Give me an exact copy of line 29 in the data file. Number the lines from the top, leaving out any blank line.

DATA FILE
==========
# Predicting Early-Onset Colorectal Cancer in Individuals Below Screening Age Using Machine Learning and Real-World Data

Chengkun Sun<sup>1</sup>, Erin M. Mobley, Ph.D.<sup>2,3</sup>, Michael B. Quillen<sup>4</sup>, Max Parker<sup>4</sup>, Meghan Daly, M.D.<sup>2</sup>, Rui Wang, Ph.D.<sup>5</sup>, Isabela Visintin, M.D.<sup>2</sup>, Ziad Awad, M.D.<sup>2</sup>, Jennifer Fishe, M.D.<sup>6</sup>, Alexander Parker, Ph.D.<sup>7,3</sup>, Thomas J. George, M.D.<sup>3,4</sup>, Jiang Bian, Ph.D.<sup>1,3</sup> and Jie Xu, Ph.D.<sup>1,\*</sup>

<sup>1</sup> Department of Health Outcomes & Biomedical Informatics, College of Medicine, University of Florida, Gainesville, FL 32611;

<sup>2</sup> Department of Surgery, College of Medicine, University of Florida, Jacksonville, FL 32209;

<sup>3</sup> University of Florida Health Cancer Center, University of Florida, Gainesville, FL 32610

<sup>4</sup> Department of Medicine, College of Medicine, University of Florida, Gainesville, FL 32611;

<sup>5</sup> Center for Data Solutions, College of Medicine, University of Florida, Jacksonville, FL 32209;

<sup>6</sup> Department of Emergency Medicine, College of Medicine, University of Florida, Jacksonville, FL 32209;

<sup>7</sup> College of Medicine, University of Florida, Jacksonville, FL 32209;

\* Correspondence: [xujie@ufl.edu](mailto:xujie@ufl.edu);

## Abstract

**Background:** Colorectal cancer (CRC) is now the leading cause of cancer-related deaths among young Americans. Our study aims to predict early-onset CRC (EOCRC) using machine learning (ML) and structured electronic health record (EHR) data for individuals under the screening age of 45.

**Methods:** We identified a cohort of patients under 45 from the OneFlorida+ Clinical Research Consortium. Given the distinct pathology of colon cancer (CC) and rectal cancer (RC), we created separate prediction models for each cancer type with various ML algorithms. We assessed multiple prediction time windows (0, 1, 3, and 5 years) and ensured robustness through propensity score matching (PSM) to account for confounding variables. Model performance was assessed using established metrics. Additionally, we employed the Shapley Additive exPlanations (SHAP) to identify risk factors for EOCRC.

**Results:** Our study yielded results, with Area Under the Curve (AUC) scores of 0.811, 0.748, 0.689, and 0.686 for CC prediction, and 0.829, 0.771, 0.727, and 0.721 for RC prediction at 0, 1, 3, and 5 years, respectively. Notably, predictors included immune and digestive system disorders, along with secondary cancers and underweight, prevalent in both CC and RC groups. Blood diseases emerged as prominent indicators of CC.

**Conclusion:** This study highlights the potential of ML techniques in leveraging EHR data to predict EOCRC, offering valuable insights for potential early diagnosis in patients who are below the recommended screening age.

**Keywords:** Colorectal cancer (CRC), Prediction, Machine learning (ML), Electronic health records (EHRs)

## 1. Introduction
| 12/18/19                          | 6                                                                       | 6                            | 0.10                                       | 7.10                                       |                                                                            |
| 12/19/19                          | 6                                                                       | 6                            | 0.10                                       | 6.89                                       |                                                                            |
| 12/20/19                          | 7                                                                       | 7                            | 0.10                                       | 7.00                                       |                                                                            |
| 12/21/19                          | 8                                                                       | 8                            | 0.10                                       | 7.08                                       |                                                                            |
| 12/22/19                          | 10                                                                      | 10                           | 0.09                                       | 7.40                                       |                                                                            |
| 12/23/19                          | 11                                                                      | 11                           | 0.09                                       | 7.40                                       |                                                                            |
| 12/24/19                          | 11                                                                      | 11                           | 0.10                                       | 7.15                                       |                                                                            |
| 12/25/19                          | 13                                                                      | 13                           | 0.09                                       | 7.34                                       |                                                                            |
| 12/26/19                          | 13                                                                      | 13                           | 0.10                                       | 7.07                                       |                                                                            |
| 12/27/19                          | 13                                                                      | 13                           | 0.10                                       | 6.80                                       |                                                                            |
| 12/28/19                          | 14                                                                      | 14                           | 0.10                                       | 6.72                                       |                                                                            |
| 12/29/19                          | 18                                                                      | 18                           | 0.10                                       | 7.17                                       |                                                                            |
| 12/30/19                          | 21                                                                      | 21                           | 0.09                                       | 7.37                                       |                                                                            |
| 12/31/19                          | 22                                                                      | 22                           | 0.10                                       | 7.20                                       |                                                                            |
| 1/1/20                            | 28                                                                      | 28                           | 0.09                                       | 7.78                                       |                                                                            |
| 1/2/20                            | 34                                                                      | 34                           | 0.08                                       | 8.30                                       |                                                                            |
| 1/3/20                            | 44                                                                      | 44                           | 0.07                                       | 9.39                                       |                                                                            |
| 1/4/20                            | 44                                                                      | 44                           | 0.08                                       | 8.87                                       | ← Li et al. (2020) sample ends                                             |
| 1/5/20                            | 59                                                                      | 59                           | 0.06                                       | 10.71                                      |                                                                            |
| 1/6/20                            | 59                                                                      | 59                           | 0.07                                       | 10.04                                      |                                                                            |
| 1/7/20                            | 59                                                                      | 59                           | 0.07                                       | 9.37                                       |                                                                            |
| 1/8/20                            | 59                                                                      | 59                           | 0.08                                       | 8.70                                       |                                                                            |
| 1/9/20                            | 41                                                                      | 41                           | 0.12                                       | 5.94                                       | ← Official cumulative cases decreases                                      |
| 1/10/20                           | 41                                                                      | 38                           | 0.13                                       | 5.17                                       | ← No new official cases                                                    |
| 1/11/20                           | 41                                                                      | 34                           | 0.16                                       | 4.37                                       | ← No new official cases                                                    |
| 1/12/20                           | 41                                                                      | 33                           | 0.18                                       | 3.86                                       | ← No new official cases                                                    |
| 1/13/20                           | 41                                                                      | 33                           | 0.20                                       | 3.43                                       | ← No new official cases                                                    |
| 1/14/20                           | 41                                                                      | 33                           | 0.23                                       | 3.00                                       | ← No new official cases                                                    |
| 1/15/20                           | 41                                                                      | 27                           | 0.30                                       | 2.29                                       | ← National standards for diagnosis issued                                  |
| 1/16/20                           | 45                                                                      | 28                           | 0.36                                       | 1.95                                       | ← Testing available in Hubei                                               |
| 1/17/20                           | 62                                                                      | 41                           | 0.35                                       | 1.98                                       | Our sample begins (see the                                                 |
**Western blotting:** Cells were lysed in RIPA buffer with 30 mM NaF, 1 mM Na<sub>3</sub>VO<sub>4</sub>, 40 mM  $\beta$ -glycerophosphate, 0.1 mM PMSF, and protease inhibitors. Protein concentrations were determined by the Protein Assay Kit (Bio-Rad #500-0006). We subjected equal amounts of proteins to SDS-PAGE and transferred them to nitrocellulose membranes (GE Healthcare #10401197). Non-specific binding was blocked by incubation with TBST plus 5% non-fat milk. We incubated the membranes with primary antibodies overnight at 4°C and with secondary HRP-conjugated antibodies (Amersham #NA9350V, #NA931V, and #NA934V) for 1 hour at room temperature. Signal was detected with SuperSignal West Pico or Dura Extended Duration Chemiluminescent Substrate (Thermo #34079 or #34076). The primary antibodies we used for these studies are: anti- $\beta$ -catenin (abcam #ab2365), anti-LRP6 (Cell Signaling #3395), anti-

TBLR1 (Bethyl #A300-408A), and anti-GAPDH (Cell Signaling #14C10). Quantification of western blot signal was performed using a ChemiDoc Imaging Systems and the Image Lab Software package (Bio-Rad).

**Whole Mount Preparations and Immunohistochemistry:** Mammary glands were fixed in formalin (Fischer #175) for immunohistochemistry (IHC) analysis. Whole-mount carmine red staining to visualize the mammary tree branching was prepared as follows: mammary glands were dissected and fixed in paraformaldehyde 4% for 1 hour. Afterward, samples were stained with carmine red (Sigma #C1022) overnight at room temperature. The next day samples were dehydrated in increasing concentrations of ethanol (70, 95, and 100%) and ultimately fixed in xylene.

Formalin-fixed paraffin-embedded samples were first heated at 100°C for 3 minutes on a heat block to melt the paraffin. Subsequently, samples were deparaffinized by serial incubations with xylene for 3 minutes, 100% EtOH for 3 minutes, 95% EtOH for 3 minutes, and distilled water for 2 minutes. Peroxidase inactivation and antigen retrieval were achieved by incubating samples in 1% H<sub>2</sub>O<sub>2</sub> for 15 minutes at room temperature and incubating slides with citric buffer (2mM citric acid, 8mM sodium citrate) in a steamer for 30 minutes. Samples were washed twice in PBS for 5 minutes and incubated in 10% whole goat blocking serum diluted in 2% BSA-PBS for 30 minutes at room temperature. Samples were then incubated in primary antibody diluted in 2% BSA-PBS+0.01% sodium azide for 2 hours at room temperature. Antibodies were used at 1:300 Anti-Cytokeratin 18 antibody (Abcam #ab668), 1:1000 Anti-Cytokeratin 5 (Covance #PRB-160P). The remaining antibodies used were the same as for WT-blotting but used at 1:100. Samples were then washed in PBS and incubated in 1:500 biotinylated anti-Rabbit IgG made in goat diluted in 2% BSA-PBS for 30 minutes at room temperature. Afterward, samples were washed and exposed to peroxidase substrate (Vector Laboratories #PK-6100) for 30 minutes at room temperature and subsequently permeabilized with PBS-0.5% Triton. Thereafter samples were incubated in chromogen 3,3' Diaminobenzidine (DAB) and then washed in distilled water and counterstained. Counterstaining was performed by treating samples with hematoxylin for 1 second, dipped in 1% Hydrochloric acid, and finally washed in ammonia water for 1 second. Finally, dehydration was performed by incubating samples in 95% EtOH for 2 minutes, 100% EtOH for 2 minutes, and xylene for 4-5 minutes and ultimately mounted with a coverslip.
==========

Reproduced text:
| 12/29/19                          | 18                                                                      | 18                           | 0.10                                       | 7.17                                       |                                                                            |